Should children fast over Ramadaan?

2009-09-07 00:00

I REMEMBER coming home from school during Ramadaan in Grade 2, starving and thirsty. After spending the previous night begging my mother to let me fast the whole day, by 2.30 pm the next afternoon I was done. She let me break my fast and then we agreed that I’d only fast until I got home from school.

These days I’m so used to it that the hunger doesn’t even phase me. Ramadaan is a month of fasting, charity and improving your relationship with the Creator.

Children and fasting

It is not compulsory for children who have not reached adolescence to fast, although they do start practising from around the age of six. The reason parents let their children fast is to get them into the routine and also to help them understand why we fast.

Nabeweya Malick of the Muslim Judicial Council says: “Fasting teaches children that their desires are secondary, it is submission to Allah (SWT)’s law which comes first. This is a primary lesson for a believer and would strengthen the young adult when tested with other challenges in life.”

Different families have different rules ­regarding this practice. Some parents only allow their children to fast when they reach adolescence. Others help their children slowly get used to fasting by allowing them to fast “half day”, which for younger children would be to noon or second interval.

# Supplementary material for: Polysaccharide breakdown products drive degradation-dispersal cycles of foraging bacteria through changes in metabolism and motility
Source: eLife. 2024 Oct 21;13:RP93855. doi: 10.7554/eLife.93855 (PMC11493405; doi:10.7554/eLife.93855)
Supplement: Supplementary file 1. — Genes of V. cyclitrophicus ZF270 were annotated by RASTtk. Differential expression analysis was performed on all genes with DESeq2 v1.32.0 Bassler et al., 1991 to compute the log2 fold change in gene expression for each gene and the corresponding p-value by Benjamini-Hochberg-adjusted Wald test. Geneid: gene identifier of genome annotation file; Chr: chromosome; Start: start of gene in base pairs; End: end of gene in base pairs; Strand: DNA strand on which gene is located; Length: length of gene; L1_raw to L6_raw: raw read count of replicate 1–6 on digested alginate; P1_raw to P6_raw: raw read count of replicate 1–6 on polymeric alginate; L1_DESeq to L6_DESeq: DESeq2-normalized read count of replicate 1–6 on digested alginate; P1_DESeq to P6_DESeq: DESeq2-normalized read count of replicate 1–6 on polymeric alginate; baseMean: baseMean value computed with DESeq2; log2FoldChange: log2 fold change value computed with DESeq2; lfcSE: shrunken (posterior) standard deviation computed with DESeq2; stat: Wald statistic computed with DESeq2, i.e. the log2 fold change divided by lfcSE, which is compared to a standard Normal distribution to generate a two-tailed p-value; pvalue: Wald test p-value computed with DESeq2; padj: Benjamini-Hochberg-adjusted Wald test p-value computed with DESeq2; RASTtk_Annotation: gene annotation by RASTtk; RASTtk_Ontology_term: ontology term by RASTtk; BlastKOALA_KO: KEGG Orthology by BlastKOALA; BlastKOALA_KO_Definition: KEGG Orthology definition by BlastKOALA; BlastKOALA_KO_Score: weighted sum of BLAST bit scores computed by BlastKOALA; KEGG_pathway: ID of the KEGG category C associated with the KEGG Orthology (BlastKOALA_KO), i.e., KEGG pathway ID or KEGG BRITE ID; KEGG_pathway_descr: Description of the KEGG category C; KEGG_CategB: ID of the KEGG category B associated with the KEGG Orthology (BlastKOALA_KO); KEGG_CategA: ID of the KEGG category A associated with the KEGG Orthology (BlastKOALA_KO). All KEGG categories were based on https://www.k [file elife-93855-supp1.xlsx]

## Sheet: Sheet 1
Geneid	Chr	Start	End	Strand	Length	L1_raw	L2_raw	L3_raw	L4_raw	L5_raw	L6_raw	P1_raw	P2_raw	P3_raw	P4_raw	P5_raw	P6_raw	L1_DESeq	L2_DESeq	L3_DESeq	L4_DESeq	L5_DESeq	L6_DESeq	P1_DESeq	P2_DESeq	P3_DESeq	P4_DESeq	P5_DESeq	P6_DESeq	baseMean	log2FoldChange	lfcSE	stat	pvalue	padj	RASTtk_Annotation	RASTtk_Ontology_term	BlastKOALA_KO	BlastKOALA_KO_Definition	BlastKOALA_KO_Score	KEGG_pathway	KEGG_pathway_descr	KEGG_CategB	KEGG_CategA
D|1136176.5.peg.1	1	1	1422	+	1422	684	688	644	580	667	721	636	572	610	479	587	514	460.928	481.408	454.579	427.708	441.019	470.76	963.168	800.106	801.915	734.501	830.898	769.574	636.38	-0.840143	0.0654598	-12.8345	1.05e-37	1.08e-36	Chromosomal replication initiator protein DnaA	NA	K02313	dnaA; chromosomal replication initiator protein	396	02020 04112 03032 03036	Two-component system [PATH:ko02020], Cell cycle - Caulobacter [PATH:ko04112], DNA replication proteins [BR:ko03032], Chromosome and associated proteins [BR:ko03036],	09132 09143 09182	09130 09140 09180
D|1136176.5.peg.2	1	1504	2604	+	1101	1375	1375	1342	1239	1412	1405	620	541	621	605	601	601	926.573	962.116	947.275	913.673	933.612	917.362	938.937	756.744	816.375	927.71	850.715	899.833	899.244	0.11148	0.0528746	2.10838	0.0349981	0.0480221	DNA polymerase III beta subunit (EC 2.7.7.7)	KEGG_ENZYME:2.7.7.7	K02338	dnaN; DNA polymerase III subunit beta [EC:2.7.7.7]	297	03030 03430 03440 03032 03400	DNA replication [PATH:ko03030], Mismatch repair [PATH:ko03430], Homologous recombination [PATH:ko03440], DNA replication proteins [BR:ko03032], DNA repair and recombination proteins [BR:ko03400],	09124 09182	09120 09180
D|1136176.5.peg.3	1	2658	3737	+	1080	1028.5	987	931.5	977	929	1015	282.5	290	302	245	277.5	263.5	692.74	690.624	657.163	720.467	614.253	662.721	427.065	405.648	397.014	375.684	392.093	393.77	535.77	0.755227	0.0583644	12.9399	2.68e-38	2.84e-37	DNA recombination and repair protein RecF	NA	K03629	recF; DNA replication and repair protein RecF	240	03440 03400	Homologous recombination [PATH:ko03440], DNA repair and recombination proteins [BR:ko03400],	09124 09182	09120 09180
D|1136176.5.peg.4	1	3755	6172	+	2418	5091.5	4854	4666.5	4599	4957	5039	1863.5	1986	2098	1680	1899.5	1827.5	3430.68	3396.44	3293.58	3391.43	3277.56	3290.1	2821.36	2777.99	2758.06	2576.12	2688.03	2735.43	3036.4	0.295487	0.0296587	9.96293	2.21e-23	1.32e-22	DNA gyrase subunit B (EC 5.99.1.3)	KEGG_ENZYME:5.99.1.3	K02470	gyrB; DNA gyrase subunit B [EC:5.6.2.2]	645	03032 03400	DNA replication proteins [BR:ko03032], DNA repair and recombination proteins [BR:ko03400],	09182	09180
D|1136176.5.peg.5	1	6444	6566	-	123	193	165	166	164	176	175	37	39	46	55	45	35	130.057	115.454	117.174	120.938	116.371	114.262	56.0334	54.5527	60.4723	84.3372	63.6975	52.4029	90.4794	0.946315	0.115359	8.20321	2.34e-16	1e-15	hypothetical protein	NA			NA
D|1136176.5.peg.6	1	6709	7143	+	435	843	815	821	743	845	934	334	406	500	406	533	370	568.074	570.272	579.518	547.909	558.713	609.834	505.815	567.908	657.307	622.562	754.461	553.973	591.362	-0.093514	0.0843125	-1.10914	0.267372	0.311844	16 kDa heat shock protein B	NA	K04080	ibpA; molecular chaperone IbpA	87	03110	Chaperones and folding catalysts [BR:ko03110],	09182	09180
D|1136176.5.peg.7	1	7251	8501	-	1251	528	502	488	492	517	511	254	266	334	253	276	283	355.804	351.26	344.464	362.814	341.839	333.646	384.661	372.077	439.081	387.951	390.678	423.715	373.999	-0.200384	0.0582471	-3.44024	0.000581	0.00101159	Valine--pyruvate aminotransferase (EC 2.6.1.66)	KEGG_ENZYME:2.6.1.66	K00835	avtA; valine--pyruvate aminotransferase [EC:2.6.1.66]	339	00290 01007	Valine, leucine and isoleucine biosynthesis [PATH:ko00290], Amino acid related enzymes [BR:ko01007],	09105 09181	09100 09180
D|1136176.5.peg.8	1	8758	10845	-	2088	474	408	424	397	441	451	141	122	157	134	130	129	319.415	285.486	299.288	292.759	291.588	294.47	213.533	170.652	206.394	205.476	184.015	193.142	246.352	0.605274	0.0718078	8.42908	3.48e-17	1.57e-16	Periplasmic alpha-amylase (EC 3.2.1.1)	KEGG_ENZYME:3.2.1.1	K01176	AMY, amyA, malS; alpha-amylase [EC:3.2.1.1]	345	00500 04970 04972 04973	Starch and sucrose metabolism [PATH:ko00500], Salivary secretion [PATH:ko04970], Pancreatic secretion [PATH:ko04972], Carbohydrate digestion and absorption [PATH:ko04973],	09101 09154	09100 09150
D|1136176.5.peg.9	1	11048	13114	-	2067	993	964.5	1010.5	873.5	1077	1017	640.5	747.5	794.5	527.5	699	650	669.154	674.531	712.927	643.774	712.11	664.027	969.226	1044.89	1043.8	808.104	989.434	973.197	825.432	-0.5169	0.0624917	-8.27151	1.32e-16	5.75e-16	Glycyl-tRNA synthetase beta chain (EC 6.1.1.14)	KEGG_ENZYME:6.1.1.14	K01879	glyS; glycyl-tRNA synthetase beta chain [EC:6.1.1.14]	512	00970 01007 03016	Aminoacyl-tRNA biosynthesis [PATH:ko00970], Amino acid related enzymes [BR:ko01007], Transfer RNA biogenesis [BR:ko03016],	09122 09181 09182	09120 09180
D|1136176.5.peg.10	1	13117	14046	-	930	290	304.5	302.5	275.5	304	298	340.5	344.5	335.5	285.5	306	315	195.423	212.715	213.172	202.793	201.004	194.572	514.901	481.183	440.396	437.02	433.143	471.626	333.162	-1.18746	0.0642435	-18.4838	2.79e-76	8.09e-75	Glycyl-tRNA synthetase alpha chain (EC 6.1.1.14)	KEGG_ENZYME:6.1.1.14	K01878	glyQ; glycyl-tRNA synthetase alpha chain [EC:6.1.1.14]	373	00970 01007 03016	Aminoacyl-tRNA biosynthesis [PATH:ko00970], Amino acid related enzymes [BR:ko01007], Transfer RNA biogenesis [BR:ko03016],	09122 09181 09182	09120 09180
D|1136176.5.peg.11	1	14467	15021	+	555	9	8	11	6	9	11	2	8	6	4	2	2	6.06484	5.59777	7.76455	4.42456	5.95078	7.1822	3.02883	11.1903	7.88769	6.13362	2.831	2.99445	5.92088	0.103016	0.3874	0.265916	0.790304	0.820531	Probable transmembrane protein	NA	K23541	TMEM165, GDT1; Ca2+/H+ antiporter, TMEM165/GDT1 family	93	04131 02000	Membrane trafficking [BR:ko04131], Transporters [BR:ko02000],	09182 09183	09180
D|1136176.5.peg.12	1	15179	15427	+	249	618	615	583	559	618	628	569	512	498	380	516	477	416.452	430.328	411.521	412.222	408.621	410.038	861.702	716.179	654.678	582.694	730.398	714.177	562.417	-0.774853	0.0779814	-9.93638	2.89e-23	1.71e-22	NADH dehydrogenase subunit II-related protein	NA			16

For children a bit older they would break their fast after school.

Other parents let their children fast the whole day. This may be for the entire month, while others will alternate with a whole or half day.

TV watching in the fast

We all know how children love to watch TV. It’s become a national pastime. While TV watching is not forbidden, it is discouraged. Muslims are encouraged to read and learn from the Qur’an during this month and anything else that can distract from this is discouraged, like mindless TV watching for hours on end.

That is not to say the TV itself cannot go on, as there are Islamic channels that ­broadcast Ramadaan-appropriate content which can be watched, as this can also ­increase children’s knowledge and their ­understanding of ­Islam.

This is a month when parents have more time to teach and focus on their children’s Islamic knowledge and also to build stronger bonds with them.

Traditions

In Cape Town during Ramadaan neighbours often make sweet or savoury treats to exchange with each other. The idea ­behind this is to ensure that everyone has something to break their fast with. Children deliver these treats, which teaches them that giving is better than receiving and to care for others. It’s a tradition that many children look forward to every year and this also builds good neighbour relations.

Children may get rewarded with little presents by their parents if they fasted the entire month for the whole day. This is a great achievement as well as a difficult one, so their parents are proud of them.

Eid-ul-Fitr, the festive day that signifies the end of Ramadaan, is also a special day for children. When visiting family and friends on this day they will get given money. This was because they had fasted, but these days children get it regardless of whether they fasted half a day, a whole day or at all.

Ramadaan is a time when parents can teach their children about their faith and help to strengthen it. It’s an important ­decision whether parents allow their ­children to fast or not, as this can build their character in teaching them patience, ­empathy and understanding.

— Health24.com

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